The third episode of Narcos was the point I realized that if I’m rooting for anyone, it’s Pablo Escobar. Or at least the Narcos version of Pablo Escobar. This is not a development I was expecting, ‘cause the real Escobar was one of the most unsavory characters of our lifetimes.
After running a shadow campaign for Congress as “Un Robin Hood Paisa,” Escobar is finally ready to take his place in Congress. He runs as an alternate to plant Jairo Ortega, who on election night once the results roll in immediately abdicates his position to good friend and man of the people, Pablo Escobar. On his way into the legislature, having been unaware of the dress code, the newly-minted representative stops to buy a tie off a man’s neck, telling him that the wife who picked it out will go down in the history books. Five minutes later, he has been booted out by Minister of Justice Rodrigo Lara (Adan Canto), who tells the assembled representatives that they can no longer tolerate an appearance of cartel influence in their government. Escobar’s dejected face as he shambles back out of the legislature and presses the tie back into its original owner’s hands is the saddest I’ve felt for anyone in the show so far.
Which is, I think, the way Netflix wants me to feel. The episode, The Men of Always, spends most of its time with Escobar teasing me over the question of whether he truly wanted to become a populist champion. He flat out asks, “Do you believe me or what?” to a neo-Nazi who’s running cocaine to Miami as the Medellín argue over his true intentions, and whether his populism is really just a ploy to armor them against reprisal. We never get the neo-Nazi’s answer. What we do get is Pablo on the stump, promising to fight for the people who grew up in the same desperate poverty) he overcame with the drug trade. Of course it’s hubris, but Narcos stops short of being cynical about its motives. If Pablo Escobar had just been worse at his job, history would remember him more generously.
That probably runs the risk of sounding way too generous an assessment, but at this point in the series, as our tour guide/DEA Agent Steve Murphy (Boyd Holbrook) is talking about how magical realism could originate only in Colombia, he may as well being talking about how this show is using Escobar’s legend as scaffolding for a crime drama. We’re talking about a fictional character study based on the recollections of a DEA agent sent to Colombia even though, as he spits in one scene as his partner chases the murder of Murphy’s cat, he doesn’t speak Spanish. Even Breaking Bad’s fake cops were more competent about knowing the culture they were trying to police. When Hank Schrader got bumped to the DEA, his new colleagues scoffed that he couldn’t even ask for directions a la biblioteca. Everyone Murphy and his fellow American authorities encounter is expected to accommodate their culture, which is always, in this show, the better culture.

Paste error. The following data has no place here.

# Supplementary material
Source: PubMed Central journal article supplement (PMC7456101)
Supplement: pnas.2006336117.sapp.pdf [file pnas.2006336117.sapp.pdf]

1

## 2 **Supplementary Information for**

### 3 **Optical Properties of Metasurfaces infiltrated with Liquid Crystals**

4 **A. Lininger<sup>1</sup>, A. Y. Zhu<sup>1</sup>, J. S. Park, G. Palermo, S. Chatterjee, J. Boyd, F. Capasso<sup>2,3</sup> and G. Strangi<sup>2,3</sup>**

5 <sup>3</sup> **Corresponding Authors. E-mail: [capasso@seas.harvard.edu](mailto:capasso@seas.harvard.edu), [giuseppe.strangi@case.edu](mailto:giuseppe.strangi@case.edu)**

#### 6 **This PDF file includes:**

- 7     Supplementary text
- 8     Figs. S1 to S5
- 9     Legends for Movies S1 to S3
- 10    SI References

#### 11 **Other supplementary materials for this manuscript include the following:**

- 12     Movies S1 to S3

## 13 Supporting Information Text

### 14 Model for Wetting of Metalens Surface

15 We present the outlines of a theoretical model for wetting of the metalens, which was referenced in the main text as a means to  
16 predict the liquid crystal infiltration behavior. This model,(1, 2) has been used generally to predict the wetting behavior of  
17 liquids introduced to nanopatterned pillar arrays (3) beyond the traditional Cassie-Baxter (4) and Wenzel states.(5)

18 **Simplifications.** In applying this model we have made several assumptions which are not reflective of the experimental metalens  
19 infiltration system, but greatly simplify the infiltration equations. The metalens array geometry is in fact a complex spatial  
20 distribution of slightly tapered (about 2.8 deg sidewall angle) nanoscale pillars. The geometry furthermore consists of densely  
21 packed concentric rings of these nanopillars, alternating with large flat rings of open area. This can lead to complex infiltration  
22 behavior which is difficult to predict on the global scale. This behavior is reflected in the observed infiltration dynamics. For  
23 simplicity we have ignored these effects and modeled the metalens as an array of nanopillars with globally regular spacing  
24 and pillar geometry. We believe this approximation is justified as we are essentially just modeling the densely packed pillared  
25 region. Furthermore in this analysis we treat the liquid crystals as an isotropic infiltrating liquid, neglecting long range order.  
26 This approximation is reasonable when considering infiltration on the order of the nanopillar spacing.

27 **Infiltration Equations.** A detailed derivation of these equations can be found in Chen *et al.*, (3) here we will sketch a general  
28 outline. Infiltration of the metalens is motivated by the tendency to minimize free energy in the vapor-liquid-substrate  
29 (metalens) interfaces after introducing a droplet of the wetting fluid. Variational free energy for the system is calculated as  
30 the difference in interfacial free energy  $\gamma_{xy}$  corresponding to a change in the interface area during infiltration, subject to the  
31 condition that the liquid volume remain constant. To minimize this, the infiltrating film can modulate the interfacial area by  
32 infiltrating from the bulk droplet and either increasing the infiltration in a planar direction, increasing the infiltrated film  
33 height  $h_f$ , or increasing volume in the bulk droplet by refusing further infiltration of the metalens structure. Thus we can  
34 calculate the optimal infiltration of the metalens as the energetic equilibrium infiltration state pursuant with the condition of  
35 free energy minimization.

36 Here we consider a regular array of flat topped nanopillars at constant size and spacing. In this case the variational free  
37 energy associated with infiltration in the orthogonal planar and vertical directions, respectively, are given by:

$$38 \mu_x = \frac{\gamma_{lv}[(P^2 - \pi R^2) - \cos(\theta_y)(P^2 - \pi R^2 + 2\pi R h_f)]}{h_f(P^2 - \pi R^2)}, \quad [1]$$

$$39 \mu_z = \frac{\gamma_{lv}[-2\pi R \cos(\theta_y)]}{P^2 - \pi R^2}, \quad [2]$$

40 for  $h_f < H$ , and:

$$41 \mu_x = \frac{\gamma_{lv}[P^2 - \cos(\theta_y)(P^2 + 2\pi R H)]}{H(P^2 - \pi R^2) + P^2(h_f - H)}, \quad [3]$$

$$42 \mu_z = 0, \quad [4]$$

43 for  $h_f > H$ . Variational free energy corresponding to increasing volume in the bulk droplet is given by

Were any of them really so above the fray? To justify their investigation into Murphy’s cat’s murder, they invoke the memory of agent Kiki Camarena, who had been kidnapped, tortured, and murdered, and whom Murphy invokes as the agent savior who died for all their sins. A martyr who sparked an extreme reaction from the American government that made it clear to the drug lords that DEA agents were off-limits. That’s the Narcos reality. The real reality after 30 years of dogged investigation into Camarena’s death implicates a complicit CIA.
Dialogue to remember
“We accept your help, but never your condescension,” Lara tells Murphy as he refuses the agent’s insistence he needs a bulletproof vest. By the end of the episode, he’s gunned down in his car. The vest wouldn’t have mattered.
Cartel history lesson
So what would Colombia be like if Escobar had realized his political dreams? Because, historically, when the drug cartels take control it’s not exactly a win for the people. Take Mexico, where, as New York Times profile details, cartels have taken over swaths of “government apparatus,” including cops.
That culture of narco-politics demonstrated that it has the same answer for political protest as it did rival dealers in the 2014 Iguala massacre when 43 Mexican trainee teachers were taken and murdered on the orders of a cartel that mistook them for gang members. The students had traveled to the city to protest the government’s discriminatory hiring and funding practices. As they were kidnapped, one boy who tried to run had his eyes gouged out and his skull flayed. Iguala’s mayor and his wife were even arrested as chief suspects in the conspiracy as was the deputy police chief, and the case drew international condemnation.